- Build a strong support system. People in the blue zones “have better and stronger systems of support, they’re much more engaged with and helpful to each other, more willing and able to express feelings, including grief and anger, and other aspects of intimacy.” This type of social system reinforces healthy, positive behaviors and stress, which is one of the biggest contributors to chronic disease. There’s a lot of existing evidence that shows acute or chronic psychological stress can induce a chronic inflammatory process, which over time can increase the risk for diseases like heart disease, mental disorders, autoimmune diseases and digestive problems. (4)
- Focus on family. For example, during the weekly 24-hour sabbath that Seventh-day Adventist practice, they spend time focusing on family, God, camaraderie and nature.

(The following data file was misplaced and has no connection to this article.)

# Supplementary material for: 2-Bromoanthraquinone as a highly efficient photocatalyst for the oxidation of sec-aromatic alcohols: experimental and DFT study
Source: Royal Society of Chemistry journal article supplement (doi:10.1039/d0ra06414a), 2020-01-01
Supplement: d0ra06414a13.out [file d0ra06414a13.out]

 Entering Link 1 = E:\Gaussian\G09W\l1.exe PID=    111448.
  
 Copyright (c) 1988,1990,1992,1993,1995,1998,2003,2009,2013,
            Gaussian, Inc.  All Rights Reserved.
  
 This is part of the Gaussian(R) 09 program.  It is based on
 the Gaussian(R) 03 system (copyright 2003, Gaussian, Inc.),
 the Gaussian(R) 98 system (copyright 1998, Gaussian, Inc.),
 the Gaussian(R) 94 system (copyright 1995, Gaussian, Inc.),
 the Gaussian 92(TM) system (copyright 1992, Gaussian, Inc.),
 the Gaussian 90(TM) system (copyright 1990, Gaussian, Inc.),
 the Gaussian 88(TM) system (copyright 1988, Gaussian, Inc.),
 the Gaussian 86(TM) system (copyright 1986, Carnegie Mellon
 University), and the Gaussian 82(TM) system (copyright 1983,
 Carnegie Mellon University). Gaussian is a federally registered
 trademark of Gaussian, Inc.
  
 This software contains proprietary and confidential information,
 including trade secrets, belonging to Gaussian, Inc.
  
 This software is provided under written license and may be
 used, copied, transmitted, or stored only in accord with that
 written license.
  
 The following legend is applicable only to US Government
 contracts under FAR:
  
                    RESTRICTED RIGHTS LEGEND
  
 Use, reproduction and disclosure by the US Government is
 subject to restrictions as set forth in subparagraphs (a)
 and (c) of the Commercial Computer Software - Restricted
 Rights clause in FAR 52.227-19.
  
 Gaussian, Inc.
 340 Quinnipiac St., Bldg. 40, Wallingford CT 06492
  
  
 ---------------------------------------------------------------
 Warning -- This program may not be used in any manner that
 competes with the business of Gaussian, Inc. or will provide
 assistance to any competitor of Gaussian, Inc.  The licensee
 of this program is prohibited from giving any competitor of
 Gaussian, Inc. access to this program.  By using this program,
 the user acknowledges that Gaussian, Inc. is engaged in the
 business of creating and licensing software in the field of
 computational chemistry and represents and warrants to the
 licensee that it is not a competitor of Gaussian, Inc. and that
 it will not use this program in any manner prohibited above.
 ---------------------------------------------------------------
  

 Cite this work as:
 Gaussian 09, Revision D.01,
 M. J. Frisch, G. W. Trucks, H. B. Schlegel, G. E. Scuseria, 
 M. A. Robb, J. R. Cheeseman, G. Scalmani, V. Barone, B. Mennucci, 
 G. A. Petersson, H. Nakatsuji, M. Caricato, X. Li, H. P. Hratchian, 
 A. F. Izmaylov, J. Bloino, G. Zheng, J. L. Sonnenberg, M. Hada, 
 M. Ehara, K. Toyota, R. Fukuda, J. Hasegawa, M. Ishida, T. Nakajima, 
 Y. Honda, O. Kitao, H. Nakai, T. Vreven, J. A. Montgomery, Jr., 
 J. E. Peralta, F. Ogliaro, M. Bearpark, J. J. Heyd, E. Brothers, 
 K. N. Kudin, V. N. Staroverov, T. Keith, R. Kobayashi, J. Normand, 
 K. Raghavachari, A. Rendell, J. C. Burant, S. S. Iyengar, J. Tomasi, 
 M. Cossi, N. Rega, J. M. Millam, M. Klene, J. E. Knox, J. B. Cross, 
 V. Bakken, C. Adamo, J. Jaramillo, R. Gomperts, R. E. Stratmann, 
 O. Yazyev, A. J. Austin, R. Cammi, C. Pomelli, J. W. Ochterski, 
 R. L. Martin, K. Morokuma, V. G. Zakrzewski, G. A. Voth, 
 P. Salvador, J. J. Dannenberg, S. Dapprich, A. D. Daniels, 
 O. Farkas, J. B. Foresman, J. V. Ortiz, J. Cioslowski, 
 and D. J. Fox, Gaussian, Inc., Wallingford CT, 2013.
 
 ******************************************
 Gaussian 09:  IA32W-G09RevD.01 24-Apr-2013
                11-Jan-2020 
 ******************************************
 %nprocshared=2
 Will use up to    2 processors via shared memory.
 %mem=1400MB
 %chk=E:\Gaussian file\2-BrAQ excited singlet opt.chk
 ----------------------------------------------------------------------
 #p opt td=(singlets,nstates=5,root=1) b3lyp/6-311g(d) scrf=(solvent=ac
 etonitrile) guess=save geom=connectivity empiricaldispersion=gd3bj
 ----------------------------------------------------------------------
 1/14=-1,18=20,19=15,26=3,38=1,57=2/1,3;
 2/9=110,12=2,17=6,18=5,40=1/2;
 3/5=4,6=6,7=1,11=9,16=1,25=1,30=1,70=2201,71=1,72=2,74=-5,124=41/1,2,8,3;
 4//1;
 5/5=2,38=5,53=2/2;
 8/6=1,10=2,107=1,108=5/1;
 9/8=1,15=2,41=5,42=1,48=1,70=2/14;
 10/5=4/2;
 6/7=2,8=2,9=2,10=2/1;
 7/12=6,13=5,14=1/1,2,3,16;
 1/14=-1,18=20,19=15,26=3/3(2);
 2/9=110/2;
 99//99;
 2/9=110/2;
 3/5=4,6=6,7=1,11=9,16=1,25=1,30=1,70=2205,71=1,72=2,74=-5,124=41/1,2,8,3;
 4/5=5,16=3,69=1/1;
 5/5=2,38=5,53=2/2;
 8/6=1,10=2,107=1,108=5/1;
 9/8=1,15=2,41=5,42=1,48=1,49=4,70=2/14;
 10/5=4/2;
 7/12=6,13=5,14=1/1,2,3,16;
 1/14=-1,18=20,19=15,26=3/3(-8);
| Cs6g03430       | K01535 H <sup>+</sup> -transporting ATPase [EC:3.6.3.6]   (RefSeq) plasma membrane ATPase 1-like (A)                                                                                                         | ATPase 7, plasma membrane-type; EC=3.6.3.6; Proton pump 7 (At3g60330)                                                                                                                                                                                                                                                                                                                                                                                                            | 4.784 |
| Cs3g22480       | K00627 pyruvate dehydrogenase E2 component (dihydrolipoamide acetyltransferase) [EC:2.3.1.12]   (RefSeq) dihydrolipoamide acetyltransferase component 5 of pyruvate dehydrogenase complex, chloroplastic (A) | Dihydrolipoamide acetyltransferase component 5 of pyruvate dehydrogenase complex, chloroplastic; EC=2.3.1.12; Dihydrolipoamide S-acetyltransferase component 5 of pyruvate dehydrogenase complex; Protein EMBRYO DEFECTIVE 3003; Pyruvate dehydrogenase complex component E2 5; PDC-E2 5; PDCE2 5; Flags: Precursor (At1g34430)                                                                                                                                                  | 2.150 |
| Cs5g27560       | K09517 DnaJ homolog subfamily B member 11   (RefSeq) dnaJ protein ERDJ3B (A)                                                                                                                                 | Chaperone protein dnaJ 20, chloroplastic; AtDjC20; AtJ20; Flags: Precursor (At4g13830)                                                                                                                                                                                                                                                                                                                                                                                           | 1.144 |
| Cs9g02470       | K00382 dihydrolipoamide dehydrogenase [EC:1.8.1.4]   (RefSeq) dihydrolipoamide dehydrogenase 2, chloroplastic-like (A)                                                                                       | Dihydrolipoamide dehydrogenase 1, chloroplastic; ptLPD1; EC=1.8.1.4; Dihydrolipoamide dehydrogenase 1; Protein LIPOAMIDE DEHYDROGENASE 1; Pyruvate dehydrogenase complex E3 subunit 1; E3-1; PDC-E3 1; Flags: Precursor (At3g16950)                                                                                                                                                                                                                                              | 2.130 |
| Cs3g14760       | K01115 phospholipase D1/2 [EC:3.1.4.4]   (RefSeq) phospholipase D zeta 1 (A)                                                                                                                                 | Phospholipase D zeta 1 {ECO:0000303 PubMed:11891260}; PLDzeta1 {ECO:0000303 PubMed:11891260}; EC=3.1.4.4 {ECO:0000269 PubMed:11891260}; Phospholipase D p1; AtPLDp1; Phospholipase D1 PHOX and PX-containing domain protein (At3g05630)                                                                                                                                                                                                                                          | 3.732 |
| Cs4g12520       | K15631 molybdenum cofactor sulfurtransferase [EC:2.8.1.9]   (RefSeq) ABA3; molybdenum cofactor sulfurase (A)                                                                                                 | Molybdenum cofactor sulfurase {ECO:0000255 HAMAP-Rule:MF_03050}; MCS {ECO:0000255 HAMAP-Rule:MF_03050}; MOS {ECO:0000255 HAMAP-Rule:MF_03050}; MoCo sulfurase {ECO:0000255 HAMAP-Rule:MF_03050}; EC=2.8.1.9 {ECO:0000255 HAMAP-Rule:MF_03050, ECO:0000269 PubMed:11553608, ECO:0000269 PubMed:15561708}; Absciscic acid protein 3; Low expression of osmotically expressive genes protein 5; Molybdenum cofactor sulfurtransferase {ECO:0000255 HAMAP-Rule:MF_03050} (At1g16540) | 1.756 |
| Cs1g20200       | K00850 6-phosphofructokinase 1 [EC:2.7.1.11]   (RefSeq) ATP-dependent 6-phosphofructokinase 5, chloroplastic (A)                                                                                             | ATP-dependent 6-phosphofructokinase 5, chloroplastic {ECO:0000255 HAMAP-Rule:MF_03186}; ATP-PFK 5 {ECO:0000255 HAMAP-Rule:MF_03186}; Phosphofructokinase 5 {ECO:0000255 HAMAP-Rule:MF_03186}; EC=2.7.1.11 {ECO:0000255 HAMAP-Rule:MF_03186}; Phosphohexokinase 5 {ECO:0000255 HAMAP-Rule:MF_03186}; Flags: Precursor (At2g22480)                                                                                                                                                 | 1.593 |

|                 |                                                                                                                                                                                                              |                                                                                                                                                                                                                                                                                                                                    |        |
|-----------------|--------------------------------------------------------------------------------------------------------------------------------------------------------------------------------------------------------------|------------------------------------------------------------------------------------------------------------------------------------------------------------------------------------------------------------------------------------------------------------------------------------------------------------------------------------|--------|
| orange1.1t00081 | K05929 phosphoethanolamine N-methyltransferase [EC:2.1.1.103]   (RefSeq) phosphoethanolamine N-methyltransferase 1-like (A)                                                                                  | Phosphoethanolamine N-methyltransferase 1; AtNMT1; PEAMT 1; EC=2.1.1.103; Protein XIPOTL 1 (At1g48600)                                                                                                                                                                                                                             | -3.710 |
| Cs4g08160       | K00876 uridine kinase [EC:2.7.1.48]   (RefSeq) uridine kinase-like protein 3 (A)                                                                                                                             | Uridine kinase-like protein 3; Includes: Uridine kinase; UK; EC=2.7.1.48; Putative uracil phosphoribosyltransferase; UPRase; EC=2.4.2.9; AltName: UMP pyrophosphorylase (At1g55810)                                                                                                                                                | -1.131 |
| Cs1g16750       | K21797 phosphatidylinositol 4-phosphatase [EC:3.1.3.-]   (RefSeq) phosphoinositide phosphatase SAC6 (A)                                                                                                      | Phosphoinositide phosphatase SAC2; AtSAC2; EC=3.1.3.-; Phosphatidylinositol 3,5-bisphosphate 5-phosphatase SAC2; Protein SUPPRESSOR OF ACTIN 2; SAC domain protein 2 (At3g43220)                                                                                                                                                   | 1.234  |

If you do those things, your chances of a longer, healthier, happier life are greater — because, as Waldinger said, “The good life is built with good relationships.”
About the Happiness Study
For 75 years, the Harvard Study of Adult Development — aka the Happiness Study — has tracked the lives of 724 men, tracking their work, home lives, health, etc., year after year, to get a better picture of what makes people happy. About 60 of the original subjects are still alive and participating in the study, while more than 2,000 children of those original 724 are being study as well.